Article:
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Study Shows Significant Improvement in Schizophrenia Patients with Predominant Negative Symptoms in Slovakia

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A recent longitudinal, prospective cohort study conducted in Slovakia has revealed promising results for patients with schizophrenia and predominant negative symptoms (PNS). The study, which spanned one year, demonstrated significant improvements in negative symptoms and overall functionality among the participants, highlighting the potential of targeted treatment strategies.

Negative symptoms in schizophrenia, which include anhedonia, alogia, avolition, asociality, and affective flattening, are often more challenging to treat than positive symptoms like delusions and hallucinations. These symptoms severely impair patients’ psychosocial functioning and quality of life, making effective management crucial.

The study, published in the journal European Psychiatry, involved 188 adult outpatients diagnosed with schizophrenia according to ICD-10 criteria. All participants exhibited predominant negative symptoms based on the European Psychiatric Association’s (EPA) guidance. The study was conducted across 20 sites in Slovakia, with follow-up visits at three, six, and twelve months.

Most patients received polytherapy, with cariprazine being the most frequently used antipsychotic, both as monotherapy (20%) and in combination with other medications (76%). Non-pharmacological therapies, including supportive psychotherapy, social skills training, and occupational therapy, were also widely employed.

The study used a number of scales to see how well the treatments worked. These included the m-SAND scale, the PSP scale, the SNS scale, the personalised Short Assessment of Negative Domain, and the CGI-S and CGI-I scales for clinical global impression severity and improvement.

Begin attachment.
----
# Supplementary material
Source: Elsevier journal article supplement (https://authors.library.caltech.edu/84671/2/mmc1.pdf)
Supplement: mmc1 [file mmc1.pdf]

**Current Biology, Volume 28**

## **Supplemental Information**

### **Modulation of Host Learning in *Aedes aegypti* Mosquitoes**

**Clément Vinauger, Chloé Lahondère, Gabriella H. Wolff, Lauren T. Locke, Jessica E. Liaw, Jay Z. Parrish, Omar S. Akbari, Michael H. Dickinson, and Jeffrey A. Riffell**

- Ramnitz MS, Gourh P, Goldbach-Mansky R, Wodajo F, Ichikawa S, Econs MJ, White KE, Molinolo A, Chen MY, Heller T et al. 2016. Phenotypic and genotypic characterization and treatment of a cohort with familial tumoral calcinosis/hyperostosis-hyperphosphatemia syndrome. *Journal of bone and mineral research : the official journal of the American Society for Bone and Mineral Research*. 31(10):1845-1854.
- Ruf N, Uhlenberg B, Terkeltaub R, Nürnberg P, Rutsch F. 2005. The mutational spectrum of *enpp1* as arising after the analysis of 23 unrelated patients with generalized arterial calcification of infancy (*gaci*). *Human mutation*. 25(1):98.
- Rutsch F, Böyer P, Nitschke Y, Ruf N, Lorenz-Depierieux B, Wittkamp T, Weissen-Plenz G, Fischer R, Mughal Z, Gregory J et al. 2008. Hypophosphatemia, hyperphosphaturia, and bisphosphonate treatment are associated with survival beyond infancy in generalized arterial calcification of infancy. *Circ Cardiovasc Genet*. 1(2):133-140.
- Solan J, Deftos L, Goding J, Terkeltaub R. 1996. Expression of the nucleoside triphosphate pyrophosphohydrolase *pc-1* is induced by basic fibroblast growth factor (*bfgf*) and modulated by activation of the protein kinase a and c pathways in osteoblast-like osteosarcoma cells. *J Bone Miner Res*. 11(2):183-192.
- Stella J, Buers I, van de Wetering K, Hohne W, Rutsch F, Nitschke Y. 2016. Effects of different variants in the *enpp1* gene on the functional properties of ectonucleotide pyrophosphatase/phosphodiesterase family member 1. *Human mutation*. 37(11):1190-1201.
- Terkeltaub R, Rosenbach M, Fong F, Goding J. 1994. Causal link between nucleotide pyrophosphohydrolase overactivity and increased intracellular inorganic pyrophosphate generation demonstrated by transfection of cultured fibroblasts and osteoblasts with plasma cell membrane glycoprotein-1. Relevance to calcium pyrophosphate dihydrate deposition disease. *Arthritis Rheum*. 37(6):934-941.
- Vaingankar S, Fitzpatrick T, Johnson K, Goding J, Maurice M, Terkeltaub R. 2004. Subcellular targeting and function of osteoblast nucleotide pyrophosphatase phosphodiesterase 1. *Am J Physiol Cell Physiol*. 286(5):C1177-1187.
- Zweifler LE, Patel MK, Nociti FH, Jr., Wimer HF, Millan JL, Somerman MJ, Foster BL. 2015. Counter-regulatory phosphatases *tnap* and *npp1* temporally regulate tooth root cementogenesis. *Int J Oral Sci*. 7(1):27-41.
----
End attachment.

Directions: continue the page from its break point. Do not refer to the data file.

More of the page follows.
The results were encouraging. The mean m-SAND score decreased significantly from 23.6 at baseline to 13.8 after one year, indicating a substantial reduction in negative symptoms. This improvement was consistent across both the positive and negative sub-scales of the m-SAND, with statistically significant changes observed from the first follow-up visit onward.

According to the SNS scale, which recorded a 12-point decrease in the total score, patients’ self-reported negative symptoms also showed significant improvement. Both physicians and patients noted similar trends in the severity of symptoms, underscoring the reliability of these findings.

Improvements were not limited to symptom reduction. Patients’ functionality, as measured by employment status and PSP scores, also showed notable gains. At the end of the study, fewer patients were unemployed (53% compared to 64% at baseline), and more were engaged in occasional or part-time work.

Additionally, the study observed a significant increase in patients’ insight into their condition. By the end of the year, the proportion of patients with full insight had more than doubled, from 20% to 45%, while those with no insight decreased dramatically.

These findings have broader implications for the treatment of schizophrenia, particularly for patients with PNS. The study underscores the effectiveness of combining pharmacological and non-pharmacological treatments, with cariprazine playing a central role in the therapeutic regimen. This aligns with current treatment guidelines that recommend cariprazine as a first-line medication for managing negative symptoms in schizophrenia.

The continuous improvement observed throughout the one-year period, without any plateauing, suggests that long-term, consistent treatment is essential for managing PNS effectively.

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